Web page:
The most frequent prolonged symptoms are persistent fatigue, brain fog, and depleted energy after even a minimal effort — having a profound impact on everyday life. Researchers anticipate that many patients will have this disease for their lifetime.

Long Covid, or Long Haul Covid-19, describe a collection of some of the lingering symptoms:

  • Cough
  • Shortness of breath / Difficulty breathing
  • Fatigue (tiredness) or Disabling Fatigue (PEM, PENE)
  • Muscle/joint pain, body aches, or chest pain
  • Headache
  • Sleep Disruption / Unrefreshing Sleep
  • Difficulty with thinking and concentration (sometimes referred to as “brain fog”)
  • Loss of taste or smell
  • Fast-beating or pounding heart / large swings in heart rate and blood pressure

Mathematical models produced by the Solve Long Covid Initiative reflect that Long Covid affects an estimated 10-30% of people infected with SARS-CoV-2, including those who were asymptomatic.

As of January, 2022:

  • 22 million U.S. adults are living with Long Covid (LC) – close to 7% of the population.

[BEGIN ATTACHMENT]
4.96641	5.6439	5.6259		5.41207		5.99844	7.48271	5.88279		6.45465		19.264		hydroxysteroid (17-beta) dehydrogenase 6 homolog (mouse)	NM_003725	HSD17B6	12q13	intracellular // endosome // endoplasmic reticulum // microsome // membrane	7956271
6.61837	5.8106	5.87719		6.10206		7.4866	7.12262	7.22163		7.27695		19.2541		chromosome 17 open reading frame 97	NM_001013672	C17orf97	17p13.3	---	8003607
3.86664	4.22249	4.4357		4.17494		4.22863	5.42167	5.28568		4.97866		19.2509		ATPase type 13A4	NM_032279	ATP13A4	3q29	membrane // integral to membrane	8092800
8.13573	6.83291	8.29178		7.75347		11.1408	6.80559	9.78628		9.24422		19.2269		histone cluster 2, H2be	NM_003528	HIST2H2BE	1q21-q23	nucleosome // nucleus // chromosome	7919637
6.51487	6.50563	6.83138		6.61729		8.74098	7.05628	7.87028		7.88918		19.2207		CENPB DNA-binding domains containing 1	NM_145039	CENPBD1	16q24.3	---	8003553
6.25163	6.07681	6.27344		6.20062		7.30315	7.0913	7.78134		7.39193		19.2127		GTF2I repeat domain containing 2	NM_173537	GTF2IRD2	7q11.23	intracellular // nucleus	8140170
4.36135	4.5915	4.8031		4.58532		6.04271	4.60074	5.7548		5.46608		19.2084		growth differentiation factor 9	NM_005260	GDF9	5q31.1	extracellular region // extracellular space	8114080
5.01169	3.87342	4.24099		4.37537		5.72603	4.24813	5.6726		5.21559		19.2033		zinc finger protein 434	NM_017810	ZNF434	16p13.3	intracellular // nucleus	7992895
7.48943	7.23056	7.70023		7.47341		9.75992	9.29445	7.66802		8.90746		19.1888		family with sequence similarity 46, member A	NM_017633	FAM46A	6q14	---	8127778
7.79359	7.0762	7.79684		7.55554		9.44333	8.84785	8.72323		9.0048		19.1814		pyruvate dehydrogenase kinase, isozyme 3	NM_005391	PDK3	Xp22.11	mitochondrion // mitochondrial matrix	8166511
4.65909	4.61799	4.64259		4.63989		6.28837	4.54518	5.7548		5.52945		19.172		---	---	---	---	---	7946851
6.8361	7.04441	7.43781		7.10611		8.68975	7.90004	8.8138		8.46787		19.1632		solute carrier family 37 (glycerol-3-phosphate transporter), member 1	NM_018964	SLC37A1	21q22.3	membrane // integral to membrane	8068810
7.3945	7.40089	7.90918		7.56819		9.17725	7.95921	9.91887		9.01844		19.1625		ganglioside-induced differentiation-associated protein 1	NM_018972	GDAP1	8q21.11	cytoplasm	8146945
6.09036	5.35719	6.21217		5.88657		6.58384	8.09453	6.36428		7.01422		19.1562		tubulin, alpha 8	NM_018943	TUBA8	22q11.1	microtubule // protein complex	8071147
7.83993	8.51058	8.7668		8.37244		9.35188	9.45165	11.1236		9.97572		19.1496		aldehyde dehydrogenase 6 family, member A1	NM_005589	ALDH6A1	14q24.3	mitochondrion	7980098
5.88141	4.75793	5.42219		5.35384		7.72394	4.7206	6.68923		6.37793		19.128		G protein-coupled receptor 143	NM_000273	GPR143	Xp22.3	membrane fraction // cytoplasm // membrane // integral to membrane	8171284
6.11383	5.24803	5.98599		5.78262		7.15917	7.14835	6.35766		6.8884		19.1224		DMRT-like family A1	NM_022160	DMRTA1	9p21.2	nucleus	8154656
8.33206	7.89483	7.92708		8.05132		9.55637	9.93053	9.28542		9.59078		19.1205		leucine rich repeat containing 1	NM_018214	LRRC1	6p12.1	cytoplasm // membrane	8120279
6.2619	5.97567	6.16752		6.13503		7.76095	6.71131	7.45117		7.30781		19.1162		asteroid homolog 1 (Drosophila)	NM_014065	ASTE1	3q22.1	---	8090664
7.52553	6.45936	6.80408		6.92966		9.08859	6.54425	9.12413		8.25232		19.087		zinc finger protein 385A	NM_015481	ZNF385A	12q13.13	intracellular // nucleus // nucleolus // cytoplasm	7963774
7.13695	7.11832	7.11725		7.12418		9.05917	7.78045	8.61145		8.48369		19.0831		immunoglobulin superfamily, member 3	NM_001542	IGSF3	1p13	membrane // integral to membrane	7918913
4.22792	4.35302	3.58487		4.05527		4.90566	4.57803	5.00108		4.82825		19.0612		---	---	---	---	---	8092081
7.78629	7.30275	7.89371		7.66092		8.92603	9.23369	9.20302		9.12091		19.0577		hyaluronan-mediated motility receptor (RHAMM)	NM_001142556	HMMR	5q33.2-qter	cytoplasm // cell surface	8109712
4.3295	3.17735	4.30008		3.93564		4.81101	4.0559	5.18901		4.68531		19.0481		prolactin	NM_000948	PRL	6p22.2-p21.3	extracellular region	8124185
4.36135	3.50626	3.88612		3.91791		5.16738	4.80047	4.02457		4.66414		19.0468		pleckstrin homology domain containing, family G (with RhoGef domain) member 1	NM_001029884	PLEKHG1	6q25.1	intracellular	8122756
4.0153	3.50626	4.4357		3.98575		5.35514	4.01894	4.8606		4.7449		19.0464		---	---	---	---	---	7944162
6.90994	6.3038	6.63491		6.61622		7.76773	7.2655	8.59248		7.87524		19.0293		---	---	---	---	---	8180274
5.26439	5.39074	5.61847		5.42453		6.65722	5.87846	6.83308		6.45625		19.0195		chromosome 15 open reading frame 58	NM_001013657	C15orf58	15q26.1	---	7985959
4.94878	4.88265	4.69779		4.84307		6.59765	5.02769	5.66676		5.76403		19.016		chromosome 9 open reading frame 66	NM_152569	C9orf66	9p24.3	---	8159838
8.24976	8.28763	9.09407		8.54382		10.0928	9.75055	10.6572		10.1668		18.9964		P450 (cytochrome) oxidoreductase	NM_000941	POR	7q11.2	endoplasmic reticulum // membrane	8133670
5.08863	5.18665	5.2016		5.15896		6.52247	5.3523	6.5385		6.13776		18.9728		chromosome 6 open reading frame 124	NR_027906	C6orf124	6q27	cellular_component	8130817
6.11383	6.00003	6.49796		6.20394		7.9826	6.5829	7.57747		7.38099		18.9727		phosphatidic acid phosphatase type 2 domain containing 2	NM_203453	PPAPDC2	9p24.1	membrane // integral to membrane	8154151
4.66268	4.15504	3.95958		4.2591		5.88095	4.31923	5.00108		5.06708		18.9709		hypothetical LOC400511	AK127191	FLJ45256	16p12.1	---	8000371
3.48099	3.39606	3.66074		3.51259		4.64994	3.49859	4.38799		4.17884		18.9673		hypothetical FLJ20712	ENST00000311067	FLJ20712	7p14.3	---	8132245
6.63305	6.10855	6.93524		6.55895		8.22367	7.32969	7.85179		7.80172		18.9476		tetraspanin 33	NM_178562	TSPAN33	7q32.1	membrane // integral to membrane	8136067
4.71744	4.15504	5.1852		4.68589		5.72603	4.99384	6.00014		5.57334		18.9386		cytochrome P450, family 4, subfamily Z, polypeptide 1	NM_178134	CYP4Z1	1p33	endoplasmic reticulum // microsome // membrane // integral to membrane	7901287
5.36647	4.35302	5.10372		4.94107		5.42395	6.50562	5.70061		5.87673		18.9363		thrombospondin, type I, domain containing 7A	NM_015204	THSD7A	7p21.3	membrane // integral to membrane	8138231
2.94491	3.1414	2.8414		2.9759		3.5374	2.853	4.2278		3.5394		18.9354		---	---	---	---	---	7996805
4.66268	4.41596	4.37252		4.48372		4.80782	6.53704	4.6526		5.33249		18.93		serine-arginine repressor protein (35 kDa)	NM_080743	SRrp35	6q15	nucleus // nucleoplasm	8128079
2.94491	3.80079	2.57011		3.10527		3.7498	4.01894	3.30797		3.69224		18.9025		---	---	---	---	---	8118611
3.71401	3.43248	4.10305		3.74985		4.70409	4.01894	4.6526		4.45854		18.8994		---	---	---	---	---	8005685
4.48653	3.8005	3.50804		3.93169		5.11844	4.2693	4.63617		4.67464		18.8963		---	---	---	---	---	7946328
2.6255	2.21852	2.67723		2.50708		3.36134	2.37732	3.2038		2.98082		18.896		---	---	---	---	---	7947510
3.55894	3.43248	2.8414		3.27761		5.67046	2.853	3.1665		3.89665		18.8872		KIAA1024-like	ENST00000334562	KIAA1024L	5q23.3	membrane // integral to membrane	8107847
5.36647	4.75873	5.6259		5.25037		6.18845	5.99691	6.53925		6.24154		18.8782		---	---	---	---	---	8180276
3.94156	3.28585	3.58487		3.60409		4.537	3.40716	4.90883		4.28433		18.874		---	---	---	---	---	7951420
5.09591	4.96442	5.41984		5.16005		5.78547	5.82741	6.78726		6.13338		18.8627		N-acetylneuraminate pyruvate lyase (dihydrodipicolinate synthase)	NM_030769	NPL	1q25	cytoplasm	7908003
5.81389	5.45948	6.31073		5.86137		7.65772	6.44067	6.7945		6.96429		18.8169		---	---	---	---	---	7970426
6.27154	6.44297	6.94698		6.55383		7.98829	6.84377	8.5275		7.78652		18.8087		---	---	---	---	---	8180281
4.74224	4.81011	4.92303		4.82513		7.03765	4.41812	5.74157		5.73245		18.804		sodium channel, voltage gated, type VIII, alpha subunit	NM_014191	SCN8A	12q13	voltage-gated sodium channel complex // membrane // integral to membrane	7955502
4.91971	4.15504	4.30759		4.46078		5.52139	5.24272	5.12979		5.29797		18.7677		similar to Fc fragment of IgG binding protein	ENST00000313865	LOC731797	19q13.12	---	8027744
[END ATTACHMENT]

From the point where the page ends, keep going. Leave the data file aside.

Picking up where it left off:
• 7 million are experiencing Disabling Long Covid (DLC) – 2.3% of the population.

Researchers anticipate that many patients will have this disease for their lifetime.

Read our whitepaper here.

7 to 14 million Long Covid cases (2–4% of the total U.S. population) are expected to result in long term disability — placing individuals at risk of lifelong complex health problems and economic ruin from healthcare costs, unemployment, denied benefits, eviction, and homelessness.

The Individual financial burden of Long Covid is staggering.

As of January 2022, the cumulative U.S. cost of Long Covid is estimated at more than $386 billion.